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The Italian Hall Disaster: One Reason to Observe a Silent Night This Christmas Eve

Christmas Eve marks the anniversary of one of the darkest moments in U.S. labor history.
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Christmas Eve marks the anniversary of one of the darkest moments in U.S. labor history: On that day in 1913, more than six dozen people died in a stampede following a false cry of "Fire!" at the Italian Hall in Michigan's Upper Peninsula. The tragedy occurred during a miner's strike in the "Copper Country," in a time when unions were not protected by law and strikers were more likely to be beaten and fired than to be invited to a bargaining table.

It began in the summer, when the Western Federation of Miners reached a membership level that allowed them to call an effective strike. Most of the copper mines were situated in a line on the north side of the peninsula and the strike worked: The mines shut down completely. The mines called for the National Guard to be sent and also hired hundreds of strike breakers -- an archaic profession for men who wanted to bust heads legally. Soon the area was swarming with National Guardsmen, out-of-town strikebreaking thugs and striking miners.

Michigan's governor, Woodbridge Ferris, recalled the bulk of the National Guard when it became apparent they weren't needed. For the most part, the strikers had not been violent and the Guards had little to do. The day after the Guard was recalled, strikebreakers shot and killed two striking miners in broad daylight in a little corner of the copper district called Seeberville. It was just a hint of things to come.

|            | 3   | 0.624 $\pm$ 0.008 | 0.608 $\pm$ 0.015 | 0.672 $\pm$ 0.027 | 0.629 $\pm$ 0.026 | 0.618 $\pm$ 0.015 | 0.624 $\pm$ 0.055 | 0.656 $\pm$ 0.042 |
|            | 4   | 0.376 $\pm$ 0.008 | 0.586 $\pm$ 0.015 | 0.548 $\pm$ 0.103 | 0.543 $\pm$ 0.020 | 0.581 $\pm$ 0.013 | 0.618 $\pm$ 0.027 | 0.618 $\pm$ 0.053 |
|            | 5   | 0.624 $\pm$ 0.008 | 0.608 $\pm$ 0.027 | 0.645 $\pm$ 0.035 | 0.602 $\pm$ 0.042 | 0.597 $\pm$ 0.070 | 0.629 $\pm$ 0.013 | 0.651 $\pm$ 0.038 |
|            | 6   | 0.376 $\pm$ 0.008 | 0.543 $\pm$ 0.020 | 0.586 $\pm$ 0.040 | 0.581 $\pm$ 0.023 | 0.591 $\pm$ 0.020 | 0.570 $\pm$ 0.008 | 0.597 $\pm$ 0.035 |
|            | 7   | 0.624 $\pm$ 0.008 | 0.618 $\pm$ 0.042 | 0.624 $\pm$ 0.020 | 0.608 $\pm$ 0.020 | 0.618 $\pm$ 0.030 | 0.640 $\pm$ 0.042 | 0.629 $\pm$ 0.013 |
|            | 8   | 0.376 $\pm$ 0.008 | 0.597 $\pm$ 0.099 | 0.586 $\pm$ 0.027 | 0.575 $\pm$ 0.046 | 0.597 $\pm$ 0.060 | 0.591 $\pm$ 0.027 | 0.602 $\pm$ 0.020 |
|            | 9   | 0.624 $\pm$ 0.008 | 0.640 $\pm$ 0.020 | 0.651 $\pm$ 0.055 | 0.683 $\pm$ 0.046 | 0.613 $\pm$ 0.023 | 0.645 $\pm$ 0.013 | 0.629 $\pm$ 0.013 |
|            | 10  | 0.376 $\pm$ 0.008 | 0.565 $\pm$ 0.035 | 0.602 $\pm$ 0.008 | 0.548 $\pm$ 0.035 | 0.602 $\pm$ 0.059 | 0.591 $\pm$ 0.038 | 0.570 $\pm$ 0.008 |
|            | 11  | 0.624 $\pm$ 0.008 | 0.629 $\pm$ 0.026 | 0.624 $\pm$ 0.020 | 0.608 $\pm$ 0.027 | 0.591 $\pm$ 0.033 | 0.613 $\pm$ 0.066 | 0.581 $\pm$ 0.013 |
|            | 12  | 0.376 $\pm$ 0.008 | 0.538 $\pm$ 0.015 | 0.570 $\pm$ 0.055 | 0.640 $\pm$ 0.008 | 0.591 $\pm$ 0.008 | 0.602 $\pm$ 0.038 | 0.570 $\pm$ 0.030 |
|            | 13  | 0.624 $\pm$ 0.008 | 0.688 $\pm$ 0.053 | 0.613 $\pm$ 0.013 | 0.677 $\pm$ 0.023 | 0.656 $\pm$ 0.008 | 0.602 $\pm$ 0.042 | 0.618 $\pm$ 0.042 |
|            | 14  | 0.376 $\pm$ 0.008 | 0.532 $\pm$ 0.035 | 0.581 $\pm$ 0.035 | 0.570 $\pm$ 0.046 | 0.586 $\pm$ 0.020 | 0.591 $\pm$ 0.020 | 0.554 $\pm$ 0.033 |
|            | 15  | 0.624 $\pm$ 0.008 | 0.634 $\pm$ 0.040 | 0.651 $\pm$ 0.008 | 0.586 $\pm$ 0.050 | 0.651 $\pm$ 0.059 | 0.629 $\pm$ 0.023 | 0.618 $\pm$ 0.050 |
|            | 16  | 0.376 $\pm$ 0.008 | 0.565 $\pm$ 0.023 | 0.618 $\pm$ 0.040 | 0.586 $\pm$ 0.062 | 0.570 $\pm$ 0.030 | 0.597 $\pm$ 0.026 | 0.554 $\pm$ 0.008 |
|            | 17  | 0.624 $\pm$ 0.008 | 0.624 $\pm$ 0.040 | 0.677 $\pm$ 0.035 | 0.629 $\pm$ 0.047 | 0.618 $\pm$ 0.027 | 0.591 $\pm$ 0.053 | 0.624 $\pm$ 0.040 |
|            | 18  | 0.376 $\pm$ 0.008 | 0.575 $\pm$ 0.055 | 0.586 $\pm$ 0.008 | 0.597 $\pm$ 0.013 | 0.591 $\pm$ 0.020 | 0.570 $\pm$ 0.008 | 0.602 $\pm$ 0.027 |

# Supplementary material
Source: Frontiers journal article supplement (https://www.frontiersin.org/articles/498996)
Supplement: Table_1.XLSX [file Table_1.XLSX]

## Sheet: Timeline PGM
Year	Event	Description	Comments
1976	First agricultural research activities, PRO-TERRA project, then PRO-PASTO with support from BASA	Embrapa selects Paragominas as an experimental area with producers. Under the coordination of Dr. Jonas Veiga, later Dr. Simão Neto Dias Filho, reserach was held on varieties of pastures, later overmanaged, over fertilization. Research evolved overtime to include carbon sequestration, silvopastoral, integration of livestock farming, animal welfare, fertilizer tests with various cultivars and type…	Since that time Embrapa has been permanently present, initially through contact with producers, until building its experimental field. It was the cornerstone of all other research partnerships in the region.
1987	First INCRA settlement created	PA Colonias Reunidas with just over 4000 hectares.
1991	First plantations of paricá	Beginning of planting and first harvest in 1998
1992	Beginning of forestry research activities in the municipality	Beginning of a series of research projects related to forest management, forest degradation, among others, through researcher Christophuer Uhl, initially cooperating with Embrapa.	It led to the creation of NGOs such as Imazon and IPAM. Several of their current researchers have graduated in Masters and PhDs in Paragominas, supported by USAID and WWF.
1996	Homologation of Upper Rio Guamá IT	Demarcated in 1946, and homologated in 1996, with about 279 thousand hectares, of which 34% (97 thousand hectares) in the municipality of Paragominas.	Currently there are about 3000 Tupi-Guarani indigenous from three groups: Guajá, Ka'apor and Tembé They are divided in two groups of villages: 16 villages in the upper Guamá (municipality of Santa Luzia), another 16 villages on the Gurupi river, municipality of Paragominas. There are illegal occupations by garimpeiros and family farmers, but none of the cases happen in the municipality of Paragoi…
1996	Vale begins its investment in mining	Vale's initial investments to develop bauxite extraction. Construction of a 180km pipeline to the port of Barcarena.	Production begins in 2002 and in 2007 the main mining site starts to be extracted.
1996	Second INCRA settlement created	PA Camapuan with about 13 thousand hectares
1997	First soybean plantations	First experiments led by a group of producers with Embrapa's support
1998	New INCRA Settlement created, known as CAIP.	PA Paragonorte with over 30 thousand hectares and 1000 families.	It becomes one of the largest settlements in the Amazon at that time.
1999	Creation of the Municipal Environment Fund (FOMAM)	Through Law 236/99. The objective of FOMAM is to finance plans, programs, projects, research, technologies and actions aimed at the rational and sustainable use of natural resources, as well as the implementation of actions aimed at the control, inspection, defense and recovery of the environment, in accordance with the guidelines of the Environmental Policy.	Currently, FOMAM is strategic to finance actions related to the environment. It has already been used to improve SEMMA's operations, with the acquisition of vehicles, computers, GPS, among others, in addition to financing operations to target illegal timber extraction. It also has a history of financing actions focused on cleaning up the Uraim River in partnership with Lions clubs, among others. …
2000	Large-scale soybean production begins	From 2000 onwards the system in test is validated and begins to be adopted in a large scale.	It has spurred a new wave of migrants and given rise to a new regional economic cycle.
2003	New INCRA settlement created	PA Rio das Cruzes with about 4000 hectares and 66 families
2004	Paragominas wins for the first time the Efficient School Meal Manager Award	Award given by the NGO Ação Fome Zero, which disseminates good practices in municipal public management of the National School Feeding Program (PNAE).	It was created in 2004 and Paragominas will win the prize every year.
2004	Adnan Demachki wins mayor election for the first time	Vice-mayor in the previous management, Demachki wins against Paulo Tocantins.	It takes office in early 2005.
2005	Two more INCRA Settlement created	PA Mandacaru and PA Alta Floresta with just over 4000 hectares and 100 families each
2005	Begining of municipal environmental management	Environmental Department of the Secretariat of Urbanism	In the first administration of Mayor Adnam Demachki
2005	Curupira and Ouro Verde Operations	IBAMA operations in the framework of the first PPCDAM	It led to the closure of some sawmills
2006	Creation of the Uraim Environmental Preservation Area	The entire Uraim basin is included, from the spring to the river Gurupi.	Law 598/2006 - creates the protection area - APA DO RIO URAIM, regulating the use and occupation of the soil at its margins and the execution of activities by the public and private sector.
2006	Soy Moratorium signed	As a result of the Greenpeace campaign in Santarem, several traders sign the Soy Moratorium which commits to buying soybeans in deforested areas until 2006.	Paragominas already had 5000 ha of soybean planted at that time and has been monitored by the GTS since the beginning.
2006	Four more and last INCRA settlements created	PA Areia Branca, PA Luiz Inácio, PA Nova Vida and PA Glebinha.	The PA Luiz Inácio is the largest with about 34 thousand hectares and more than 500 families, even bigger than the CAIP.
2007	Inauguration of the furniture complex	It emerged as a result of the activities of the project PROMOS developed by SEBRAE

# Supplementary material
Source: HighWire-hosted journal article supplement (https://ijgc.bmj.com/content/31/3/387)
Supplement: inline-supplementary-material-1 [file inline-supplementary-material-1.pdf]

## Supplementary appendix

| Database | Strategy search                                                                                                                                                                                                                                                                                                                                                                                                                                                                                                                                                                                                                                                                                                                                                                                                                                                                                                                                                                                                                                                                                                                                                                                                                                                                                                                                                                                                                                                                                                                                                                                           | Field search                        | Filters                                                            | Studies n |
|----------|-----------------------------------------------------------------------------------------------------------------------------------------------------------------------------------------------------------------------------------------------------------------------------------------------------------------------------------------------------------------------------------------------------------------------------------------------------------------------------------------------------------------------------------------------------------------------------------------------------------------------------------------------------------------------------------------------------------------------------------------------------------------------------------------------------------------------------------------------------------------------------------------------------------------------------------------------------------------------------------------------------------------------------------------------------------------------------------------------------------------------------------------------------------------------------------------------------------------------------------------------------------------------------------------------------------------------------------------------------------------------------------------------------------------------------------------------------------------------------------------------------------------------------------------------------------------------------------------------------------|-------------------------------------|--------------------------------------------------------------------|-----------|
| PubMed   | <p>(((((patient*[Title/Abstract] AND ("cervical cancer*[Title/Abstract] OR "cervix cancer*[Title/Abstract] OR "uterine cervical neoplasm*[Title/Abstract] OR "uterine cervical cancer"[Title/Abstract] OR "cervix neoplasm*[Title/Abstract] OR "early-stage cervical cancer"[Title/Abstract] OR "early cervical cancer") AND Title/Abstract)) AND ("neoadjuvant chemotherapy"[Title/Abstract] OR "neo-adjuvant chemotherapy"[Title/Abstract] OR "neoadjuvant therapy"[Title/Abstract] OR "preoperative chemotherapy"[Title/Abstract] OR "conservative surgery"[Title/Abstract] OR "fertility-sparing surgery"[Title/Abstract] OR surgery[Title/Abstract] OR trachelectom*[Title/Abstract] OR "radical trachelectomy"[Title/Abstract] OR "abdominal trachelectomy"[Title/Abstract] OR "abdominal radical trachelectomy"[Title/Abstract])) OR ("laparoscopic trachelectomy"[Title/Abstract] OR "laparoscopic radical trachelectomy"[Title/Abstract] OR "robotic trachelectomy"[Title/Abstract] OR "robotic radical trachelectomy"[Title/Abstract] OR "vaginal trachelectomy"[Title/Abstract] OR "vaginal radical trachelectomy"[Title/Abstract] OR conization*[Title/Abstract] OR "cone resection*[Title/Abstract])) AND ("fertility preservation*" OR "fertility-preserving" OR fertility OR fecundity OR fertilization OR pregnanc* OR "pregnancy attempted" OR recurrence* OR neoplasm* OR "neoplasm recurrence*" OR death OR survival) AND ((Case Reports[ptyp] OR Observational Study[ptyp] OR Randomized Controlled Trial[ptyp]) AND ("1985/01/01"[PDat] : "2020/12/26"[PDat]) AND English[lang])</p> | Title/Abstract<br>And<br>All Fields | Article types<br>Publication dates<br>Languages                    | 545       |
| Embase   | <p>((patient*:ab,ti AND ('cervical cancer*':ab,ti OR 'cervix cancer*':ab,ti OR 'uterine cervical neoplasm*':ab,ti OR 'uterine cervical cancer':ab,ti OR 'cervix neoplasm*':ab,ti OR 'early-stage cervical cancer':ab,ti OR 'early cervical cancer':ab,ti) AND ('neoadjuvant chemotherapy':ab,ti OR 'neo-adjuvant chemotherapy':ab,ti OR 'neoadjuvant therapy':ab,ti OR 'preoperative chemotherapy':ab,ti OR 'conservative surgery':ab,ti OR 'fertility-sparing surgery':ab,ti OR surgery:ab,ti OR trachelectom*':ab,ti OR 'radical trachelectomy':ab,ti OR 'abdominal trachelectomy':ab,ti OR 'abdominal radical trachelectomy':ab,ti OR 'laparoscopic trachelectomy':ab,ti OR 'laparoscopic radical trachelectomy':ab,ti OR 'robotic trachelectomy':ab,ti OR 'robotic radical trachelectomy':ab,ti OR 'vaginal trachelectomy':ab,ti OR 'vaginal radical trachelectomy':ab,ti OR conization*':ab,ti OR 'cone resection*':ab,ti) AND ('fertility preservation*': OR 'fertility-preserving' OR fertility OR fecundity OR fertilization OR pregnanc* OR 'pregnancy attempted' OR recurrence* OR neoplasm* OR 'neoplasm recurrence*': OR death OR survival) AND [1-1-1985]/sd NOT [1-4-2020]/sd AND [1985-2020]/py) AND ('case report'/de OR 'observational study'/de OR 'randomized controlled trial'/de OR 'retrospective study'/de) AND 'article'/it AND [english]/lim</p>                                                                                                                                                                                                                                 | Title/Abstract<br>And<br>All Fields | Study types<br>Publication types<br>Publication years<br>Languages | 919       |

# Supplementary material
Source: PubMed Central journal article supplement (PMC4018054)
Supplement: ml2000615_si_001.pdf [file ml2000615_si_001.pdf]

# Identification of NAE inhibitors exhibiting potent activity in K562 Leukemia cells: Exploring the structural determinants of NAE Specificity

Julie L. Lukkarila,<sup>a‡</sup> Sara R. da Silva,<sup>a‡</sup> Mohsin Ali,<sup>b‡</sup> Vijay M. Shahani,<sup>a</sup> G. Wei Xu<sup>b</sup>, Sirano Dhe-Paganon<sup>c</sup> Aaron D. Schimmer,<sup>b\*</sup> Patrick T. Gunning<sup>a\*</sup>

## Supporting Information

The sides dug in deeper. The WFM sent out calls for help and labor leaders like Mother Jones and Clarence Darrow lent moral support. The mines were flush with cash though, and bet they could starve the workers into ending their strike. Then came winter.

Michigan's Copper Country winters are famously harsh. Snow is measured in feet and temperatures routinely drop below zero. While many of the strikers were recent immigrants from Finland, the prolonged strike inspired many of them to leave before waiting to see whether the strike would end before the snow would melt.

The heartiest strikers who stayed decided to have a party on Christmas Eve, particularly for their children. More than 500 people attended the event at the Italian Hall, in a town now known as Calumet. It was called Red Jacket at the time and was the home of the Calumet & Hecla mine, the biggest of them all. Songs were sung and presents were given to children. Adults chatted and a light dusting of snow began to fall as dusk turned to night. For a moment, the strike was forgotten.